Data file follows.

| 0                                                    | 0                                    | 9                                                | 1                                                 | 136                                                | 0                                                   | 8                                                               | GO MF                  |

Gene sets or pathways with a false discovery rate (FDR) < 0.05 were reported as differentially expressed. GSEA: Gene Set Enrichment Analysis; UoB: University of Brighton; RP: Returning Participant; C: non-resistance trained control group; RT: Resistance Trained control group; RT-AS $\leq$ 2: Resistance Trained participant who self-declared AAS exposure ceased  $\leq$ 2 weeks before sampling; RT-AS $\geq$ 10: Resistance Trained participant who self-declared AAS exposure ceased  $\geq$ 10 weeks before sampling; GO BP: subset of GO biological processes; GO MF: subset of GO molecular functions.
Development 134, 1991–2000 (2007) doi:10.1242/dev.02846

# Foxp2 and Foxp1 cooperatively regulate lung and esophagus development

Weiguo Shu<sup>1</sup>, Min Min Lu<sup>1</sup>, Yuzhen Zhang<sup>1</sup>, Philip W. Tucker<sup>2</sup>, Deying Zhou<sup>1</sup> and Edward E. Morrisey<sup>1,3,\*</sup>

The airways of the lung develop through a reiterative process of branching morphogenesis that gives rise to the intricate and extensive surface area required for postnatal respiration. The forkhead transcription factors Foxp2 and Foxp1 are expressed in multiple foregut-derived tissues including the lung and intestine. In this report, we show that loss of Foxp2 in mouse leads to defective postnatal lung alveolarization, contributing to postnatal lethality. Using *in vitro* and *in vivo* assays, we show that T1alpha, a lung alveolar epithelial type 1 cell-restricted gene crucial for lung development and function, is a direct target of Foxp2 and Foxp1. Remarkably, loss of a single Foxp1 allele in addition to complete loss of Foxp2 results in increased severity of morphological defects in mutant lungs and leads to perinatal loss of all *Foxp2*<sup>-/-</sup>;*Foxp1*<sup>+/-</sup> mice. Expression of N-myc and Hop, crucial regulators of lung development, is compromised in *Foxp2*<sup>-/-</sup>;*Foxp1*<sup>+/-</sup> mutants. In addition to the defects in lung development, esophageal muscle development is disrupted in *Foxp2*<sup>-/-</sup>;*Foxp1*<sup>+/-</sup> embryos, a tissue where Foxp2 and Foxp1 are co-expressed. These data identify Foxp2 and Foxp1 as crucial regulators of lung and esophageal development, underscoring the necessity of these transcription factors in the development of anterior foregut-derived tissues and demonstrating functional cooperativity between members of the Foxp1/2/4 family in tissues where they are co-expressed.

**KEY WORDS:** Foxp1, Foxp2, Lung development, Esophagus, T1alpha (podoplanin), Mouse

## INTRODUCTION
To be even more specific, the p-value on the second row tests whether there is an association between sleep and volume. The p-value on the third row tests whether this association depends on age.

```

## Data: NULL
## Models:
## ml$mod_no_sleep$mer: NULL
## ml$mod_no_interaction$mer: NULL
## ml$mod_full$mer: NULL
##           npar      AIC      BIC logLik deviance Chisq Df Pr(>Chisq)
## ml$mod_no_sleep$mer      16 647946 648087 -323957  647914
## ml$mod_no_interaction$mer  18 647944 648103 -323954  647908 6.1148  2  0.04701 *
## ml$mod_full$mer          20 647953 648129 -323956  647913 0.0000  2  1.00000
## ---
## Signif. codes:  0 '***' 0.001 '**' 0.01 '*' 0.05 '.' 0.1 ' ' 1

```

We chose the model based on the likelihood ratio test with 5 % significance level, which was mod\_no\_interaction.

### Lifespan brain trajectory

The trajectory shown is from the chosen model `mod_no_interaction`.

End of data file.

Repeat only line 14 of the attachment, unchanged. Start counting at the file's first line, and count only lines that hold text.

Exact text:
## ml$mod_no_interaction$mer: NULL